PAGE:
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risk assessment of the lifestyle of the cat. A low-risk
cat (e.g. a solitary, indoor only cat that does not visit boarding catteries) should only require triennial booster vaccination. In contrast, a high-risk cat (e.g. a cat in
an indoor-outdoor or multicat household or one that regularly visits boarding catteries) may bene t from annual FHV/FCV revaccination. Using product ranges that split-out FPV from the respiratory components, such a protocol is entirely feasible. The study supporting the licence of the 3-year FHV/FCV vaccine clearly shows protection from clinical disease (but not virus shedding) in vaccinated cats challenged after 3 years [8]. Rabies vaccination of adult cats may now be performed triennially using products with an appropriate licensed duration of immunity (DOI) of 3 years.
In most situations, MLV (‘infectious’) core vaccines are preferred over killed (‘non-infectious’) vaccines. The exceptions to this rule would be: (1) the rare requirement to vaccinate a pregnant queen, (2) vaccination of cats with known retrovirus infection, (3) vaccination of cats
in multicat households where there is no circulating respiratory virus, and (4) for rabies vaccination where 3-year DOI is required.
Non-core Vaccination
Non-core vaccines should be selected for the individual cat based on assessment of that particular animal’s
risk of exposure to the disease and assessment of the bene ts of vaccination to that pet versus the risk of adverse reaction. Decision making for non-core vaccines would be facilitated by having available good quality data and disease distribution maps related to small animal infectious diseases. Unfortunately, with the exception
of rabies in the USA and Europe, such distribution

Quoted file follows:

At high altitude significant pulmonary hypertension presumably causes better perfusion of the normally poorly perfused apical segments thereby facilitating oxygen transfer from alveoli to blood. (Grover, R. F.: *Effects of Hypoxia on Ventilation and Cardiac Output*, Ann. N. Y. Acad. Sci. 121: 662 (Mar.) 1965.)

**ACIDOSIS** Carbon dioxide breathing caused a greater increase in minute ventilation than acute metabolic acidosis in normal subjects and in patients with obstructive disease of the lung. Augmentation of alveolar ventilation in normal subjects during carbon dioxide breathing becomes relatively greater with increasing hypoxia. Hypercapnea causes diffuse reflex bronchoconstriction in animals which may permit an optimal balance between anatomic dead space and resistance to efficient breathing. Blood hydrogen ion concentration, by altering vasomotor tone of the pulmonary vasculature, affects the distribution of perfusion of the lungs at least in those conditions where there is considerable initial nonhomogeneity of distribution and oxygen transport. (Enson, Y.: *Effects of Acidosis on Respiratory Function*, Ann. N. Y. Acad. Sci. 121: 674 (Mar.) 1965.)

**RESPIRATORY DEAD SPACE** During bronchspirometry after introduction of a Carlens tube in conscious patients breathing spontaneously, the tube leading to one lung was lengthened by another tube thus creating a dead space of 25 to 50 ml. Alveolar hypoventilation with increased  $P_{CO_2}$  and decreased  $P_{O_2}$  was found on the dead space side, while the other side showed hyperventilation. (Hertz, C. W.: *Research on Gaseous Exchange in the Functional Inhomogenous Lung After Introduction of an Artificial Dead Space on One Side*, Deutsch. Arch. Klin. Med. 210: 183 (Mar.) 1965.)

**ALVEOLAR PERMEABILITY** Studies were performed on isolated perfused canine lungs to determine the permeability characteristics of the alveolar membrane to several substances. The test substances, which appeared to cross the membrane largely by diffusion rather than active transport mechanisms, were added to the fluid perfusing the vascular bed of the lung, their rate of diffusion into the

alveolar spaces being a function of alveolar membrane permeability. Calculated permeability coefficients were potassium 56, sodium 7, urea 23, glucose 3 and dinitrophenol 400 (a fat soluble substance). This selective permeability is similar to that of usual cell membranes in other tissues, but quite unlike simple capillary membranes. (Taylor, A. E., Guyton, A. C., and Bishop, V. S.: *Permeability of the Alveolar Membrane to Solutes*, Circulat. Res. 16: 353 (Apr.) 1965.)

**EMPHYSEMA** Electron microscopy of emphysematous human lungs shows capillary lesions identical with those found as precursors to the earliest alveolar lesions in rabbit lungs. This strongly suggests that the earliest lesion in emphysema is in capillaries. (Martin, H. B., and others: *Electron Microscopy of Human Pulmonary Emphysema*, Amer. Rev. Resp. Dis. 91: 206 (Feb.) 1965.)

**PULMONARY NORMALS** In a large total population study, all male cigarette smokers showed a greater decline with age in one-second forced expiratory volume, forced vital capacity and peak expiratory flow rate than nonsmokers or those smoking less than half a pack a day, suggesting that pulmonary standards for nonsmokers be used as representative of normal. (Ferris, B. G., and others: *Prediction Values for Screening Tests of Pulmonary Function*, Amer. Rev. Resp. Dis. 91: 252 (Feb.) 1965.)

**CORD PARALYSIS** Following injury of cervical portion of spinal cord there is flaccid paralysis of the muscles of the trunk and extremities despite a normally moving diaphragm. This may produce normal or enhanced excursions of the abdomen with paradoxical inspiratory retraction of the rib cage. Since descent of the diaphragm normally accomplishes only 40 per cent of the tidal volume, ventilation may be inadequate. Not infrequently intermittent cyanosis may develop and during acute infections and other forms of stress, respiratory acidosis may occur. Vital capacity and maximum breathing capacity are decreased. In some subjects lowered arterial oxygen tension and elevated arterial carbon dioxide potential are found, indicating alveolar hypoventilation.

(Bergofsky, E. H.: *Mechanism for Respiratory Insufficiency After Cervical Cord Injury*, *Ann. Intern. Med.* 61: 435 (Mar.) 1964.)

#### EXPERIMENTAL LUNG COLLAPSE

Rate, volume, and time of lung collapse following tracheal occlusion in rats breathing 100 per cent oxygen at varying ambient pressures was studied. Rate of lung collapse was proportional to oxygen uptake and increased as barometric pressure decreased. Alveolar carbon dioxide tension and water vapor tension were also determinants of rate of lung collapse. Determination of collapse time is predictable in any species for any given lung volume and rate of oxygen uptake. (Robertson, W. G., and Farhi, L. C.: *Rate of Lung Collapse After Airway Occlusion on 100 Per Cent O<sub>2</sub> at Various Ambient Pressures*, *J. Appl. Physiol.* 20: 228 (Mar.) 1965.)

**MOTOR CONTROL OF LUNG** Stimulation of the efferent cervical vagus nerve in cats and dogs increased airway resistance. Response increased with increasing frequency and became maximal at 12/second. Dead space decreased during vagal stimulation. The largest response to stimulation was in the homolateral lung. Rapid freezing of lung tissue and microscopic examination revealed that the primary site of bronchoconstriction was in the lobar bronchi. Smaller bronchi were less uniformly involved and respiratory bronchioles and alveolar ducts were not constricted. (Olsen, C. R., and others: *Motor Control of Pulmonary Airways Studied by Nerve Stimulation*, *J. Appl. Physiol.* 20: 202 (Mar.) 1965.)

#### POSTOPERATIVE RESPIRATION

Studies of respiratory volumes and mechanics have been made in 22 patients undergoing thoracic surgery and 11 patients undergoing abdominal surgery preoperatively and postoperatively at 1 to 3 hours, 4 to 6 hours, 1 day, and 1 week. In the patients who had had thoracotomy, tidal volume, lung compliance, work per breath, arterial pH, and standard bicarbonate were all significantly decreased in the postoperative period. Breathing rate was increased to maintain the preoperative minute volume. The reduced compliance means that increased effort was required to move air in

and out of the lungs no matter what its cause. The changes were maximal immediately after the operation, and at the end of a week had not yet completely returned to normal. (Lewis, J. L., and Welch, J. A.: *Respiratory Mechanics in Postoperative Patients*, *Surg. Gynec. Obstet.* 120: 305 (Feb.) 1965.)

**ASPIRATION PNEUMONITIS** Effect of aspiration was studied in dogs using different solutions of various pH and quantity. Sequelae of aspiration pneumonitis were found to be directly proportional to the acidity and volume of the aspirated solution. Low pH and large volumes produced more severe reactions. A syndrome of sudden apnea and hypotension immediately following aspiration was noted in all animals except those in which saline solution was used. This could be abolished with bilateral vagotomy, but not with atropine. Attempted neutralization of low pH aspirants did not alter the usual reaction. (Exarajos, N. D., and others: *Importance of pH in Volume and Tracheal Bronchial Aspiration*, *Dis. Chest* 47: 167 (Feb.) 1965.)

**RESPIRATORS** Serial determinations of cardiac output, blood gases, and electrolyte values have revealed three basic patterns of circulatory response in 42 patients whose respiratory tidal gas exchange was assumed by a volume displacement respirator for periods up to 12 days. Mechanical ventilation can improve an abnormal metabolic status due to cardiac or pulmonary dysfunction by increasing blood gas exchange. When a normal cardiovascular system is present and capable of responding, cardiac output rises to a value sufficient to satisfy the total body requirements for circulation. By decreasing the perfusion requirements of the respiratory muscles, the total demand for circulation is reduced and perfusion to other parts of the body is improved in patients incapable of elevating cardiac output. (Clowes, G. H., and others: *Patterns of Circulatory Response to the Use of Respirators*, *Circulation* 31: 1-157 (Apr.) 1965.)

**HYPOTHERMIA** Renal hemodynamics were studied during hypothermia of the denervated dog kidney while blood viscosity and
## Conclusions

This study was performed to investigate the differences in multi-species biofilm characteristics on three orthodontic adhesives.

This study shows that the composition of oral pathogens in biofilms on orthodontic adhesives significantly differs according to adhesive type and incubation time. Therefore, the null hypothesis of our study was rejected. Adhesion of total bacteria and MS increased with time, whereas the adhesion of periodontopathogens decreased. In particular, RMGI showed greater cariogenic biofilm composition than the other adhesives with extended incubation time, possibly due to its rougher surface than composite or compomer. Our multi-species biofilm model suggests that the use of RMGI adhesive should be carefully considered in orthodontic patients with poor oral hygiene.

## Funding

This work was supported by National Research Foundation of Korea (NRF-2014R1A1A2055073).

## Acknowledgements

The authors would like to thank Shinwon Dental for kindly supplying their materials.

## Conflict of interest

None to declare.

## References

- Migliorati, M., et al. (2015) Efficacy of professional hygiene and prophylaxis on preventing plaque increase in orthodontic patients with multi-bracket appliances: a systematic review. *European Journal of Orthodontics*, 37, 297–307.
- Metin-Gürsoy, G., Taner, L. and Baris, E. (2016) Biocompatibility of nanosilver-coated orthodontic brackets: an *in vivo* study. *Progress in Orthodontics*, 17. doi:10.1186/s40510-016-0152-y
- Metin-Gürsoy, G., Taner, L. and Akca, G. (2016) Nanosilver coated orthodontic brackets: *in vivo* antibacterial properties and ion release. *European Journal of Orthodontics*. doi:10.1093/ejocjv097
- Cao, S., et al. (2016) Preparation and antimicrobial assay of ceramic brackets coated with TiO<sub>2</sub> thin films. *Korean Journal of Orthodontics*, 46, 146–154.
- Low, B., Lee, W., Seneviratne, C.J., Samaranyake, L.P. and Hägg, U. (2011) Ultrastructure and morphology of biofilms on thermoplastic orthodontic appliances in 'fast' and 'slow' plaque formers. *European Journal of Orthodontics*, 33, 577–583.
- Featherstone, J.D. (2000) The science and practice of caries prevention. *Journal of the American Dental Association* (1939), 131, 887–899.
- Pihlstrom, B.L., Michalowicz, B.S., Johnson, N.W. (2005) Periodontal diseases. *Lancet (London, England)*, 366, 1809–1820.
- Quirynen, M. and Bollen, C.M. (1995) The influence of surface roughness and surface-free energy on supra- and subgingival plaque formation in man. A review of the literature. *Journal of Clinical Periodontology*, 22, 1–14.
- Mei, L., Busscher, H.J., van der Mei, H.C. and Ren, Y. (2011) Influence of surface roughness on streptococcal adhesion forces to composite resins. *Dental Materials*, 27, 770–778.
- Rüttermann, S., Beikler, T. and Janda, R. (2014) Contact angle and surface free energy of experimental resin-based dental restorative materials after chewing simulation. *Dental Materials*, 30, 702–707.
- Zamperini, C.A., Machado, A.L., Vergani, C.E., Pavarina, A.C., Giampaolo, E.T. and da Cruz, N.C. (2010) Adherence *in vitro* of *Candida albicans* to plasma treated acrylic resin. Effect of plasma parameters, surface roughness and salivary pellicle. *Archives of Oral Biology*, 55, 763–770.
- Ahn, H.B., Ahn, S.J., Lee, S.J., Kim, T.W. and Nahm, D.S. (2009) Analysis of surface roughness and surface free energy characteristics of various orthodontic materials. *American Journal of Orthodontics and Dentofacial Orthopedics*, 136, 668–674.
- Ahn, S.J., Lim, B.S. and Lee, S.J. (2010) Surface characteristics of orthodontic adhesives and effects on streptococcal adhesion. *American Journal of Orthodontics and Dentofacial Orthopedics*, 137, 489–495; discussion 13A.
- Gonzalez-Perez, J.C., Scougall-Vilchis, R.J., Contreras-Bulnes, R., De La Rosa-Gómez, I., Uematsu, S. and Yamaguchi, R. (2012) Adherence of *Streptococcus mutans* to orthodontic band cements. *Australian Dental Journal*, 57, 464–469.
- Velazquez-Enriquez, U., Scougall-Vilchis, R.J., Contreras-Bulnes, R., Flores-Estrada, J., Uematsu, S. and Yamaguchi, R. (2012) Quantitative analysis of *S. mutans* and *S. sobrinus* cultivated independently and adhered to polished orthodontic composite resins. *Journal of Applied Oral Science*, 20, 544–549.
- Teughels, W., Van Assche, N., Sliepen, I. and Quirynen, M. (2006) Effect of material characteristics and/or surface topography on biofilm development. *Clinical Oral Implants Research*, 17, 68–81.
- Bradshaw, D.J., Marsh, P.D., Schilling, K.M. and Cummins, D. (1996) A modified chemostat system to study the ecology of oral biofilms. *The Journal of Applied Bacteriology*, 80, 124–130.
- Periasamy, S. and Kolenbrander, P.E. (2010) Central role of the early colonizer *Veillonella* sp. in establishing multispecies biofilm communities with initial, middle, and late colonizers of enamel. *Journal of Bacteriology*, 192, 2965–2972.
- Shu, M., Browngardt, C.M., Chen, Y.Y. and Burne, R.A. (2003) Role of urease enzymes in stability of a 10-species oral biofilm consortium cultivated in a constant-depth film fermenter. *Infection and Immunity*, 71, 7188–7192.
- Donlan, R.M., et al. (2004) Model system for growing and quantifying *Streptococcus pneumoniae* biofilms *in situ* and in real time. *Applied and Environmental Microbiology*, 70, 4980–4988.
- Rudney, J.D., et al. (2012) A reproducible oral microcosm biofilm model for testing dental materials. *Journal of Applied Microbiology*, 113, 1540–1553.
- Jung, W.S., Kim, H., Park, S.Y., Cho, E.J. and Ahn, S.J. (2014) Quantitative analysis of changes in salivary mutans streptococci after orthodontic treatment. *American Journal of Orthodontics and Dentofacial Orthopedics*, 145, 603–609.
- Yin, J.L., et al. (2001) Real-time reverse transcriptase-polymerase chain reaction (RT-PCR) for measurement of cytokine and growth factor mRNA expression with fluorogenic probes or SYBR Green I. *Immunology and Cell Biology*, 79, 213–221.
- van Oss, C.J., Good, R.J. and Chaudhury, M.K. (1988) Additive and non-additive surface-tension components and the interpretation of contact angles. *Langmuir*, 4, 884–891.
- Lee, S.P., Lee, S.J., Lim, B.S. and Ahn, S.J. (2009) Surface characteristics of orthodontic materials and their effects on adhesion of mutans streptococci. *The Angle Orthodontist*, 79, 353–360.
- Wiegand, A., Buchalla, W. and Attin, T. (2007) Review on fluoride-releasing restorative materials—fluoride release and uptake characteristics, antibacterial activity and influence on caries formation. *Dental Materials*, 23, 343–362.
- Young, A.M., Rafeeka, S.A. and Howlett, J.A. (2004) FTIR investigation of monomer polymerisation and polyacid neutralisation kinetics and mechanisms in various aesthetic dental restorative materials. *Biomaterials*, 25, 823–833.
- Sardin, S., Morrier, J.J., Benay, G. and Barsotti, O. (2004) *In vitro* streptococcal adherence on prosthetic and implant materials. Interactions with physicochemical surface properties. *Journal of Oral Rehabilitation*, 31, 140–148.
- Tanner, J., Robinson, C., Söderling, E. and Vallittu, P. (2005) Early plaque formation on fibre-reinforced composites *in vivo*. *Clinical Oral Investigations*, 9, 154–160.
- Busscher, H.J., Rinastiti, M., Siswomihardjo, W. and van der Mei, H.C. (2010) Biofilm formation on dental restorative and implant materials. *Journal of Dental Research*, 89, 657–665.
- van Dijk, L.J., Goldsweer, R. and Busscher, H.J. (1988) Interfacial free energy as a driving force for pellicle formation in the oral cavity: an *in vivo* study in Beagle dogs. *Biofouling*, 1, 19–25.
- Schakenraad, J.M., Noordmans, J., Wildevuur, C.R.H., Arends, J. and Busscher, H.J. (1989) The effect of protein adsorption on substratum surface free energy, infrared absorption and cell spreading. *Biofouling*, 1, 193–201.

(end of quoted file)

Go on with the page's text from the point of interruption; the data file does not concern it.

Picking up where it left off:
maps are not widely available. Some national schemes have been developed by industry or academic groups which allow practitioners to input cases of particular infectious diseases into a database that presents the information as disease distribution maps. Additionally, consideration must be given to the vaccine requirements of the individual animal, based on assessment of their lifestyle (e.g. indoor versus outdoor, travel and boarding frequency and location, solitary or multicat household). Vaccination is now an example of ‘individualised medicine’ and is no longer as simple as having a practice ‘vaccination protocol’.
For example, where non-core FeLV vaccination is selected for kittens, an initial dose is given at 8 weeks
of age, with a second 3-4 weeks later, followed by a 12 month booster. It is more important to vaccinate kittens against FeLV than it is adult cats, as there is development of some naturally acquired immunity in adult animals.
The VGG recommends that adult cats are revaccinated against FeLV no more frequently than every 2 or 3 years, depending on risk.
An Urban Experience
Minimize Adjuvanted Vaccines
Although it is now recognized that the feline injection site sarcoma (FISS) may be associated with a wide range of injectable or topical products it is clear that vaccines, and particularly adjuvanted FeLV, FIV and rabies vaccines, are one such risk factor in the transformation of local chronic in ammation to neoplasia. A number of strategies have been proposed to minimise the surgical consequences of any FISS that might develop in a cat. The WSAVA